Unit Plan Templates and Unit Resources
Ioranga - Health and Physical Education
Moriori, like all other Polynesian peoples are represented in the wrong side of health statistics in New Zealand. The diet and lifestyle of modern moriori, Māori and other polynesians are not what they are genetically used to. The ancestors toiled all day, most days in pursuit of securing food and shelter for their whanau. The food selections were sugar-less and contained only minimal carbs and were focused on proteins and fats, supplemented by fibres and vegetation. Today, the malls and diaries provide cheap high-carb, hig sugar foods at a fraction of the cost of protein based food sources. Even bottled water is dearer than the same quantity of fizzy, despite the aded sugars, flavours, colours and preservatives.
Our modern, globalised world is actively feeding a diabete epidemics, across the western world and into developing countries. Our planet is being deforested and our waters ways are being filled with pollutants or drained for large-scale farming practices. We are offending Papatuanku' in ways and on a scale that even the ancestors could not have predicted.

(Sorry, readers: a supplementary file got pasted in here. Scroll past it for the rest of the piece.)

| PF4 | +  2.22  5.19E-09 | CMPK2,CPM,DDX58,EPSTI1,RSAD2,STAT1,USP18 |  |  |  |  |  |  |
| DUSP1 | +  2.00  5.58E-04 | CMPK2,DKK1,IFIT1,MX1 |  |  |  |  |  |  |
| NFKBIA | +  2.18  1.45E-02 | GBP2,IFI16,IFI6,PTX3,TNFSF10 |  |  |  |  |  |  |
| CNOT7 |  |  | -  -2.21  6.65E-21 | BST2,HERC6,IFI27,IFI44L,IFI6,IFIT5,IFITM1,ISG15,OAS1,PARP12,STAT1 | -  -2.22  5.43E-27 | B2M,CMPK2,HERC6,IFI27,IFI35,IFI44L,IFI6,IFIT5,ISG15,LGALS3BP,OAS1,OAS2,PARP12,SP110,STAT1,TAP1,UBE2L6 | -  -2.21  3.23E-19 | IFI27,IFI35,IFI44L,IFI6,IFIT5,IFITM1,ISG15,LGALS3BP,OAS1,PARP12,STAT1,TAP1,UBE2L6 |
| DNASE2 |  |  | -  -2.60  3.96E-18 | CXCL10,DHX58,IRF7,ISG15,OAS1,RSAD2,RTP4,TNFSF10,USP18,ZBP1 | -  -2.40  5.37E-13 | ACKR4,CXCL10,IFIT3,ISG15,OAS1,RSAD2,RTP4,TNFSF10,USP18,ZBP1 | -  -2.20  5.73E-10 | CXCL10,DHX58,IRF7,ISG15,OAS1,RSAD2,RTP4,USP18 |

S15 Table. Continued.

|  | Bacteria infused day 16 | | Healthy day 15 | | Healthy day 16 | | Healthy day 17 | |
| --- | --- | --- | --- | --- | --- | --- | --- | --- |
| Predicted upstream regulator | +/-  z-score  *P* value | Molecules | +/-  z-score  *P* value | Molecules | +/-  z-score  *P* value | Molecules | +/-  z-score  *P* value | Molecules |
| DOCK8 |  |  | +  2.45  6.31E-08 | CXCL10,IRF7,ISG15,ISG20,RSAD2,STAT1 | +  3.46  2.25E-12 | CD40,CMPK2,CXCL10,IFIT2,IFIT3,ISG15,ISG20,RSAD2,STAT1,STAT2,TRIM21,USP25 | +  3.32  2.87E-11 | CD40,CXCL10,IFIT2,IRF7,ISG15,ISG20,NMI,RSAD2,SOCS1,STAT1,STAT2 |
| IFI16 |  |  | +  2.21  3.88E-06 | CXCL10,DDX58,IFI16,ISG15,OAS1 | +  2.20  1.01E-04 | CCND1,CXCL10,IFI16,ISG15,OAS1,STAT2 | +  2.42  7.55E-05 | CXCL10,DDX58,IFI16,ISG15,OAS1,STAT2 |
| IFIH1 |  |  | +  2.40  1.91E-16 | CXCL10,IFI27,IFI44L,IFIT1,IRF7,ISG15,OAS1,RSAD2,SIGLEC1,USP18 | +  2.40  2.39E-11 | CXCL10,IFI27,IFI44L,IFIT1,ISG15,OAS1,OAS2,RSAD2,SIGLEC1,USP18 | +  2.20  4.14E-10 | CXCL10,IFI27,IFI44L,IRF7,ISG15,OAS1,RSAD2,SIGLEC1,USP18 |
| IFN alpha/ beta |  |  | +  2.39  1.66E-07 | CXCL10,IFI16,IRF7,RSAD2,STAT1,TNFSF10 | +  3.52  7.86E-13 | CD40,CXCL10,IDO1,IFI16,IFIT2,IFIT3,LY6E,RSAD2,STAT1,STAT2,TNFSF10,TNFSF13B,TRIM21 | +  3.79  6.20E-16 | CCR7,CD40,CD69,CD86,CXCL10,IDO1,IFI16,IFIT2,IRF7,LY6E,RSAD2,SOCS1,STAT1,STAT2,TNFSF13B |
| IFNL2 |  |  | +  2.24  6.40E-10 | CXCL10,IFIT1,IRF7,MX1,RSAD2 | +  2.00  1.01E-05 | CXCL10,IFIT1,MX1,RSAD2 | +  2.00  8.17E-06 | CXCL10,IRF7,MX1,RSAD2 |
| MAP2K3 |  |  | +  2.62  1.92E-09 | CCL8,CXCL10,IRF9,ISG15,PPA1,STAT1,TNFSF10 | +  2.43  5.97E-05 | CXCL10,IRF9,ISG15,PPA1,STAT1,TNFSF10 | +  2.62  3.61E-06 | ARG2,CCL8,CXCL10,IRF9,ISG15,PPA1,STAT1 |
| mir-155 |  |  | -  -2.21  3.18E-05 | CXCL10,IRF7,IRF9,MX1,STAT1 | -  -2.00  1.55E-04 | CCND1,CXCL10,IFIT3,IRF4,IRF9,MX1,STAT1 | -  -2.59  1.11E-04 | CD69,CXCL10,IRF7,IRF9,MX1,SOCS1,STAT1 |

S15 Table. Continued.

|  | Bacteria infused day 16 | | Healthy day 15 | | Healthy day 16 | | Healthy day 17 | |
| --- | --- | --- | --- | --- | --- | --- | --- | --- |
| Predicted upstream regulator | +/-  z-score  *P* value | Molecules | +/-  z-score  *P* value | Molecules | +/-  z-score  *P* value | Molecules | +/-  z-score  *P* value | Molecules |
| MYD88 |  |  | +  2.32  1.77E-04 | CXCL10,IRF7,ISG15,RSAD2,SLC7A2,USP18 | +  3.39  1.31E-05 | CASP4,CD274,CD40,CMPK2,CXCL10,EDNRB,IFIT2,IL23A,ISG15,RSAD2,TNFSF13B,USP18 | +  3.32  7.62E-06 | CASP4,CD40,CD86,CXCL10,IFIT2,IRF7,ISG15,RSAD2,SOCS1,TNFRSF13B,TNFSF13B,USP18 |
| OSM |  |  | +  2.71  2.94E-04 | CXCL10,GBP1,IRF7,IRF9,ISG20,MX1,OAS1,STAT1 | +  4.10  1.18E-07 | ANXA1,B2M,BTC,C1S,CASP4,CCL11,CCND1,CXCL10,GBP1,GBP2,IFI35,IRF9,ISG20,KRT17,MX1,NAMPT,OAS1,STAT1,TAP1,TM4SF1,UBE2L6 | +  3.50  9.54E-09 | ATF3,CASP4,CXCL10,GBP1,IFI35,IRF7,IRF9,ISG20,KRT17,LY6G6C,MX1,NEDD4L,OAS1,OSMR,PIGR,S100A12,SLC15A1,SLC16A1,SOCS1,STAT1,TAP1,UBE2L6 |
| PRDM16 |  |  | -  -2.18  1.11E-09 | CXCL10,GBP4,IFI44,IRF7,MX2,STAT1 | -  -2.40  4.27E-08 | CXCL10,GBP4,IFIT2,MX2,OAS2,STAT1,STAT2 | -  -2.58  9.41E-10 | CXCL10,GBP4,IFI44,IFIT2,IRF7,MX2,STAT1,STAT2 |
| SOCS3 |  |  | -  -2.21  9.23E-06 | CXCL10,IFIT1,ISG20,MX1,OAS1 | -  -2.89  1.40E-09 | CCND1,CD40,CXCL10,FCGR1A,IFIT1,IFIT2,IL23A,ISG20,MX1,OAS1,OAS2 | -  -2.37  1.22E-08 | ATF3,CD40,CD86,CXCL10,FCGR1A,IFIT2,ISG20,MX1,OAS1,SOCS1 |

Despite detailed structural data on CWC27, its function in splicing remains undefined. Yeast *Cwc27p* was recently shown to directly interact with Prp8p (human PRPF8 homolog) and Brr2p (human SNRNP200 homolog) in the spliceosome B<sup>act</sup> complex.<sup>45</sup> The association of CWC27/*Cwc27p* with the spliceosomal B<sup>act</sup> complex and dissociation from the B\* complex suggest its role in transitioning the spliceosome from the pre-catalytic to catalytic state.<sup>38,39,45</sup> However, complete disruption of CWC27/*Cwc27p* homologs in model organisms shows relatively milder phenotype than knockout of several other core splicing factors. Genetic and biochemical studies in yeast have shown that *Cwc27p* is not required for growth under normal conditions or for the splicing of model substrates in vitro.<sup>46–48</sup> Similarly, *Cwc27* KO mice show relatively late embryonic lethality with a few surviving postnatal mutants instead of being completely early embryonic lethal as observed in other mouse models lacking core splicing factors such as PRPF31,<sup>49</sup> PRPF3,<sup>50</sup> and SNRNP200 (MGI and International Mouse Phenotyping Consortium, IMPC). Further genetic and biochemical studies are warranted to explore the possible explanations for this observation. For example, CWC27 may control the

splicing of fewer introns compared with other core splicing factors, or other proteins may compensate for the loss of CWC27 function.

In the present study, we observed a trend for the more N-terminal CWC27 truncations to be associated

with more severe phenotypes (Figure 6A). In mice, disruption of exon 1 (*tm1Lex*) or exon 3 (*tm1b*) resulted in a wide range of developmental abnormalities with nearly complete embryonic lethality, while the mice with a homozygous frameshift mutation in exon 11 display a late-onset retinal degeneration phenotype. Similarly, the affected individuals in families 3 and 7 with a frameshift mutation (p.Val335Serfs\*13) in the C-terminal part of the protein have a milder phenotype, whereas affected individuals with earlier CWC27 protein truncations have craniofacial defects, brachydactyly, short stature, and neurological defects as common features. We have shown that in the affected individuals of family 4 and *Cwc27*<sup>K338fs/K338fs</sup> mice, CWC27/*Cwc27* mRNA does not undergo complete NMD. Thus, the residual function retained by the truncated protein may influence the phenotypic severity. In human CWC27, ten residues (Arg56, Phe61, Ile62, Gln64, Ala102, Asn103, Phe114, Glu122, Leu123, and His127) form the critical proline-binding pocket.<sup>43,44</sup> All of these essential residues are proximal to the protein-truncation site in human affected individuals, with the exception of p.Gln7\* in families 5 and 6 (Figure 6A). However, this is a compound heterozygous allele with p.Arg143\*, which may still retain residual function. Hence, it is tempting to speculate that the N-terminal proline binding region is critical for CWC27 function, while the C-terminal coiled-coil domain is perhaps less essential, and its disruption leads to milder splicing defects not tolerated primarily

Hokongarongaro te tchakat' toitu te henu
As man disappears from sight, the land remains.
Whilst the irony of that whakatauki will not be lost on everyone, this expression reflects the importance of Papatuank' (earth mother) to Moriori. Intrinsic to the welfare of man is the health of the land. The ancestors knew that they had to look after Papatuanuk' or she would not look after them.
This shows an awareness of health issues as well as an understanding of the complex and dependent relationship man has with mother earth.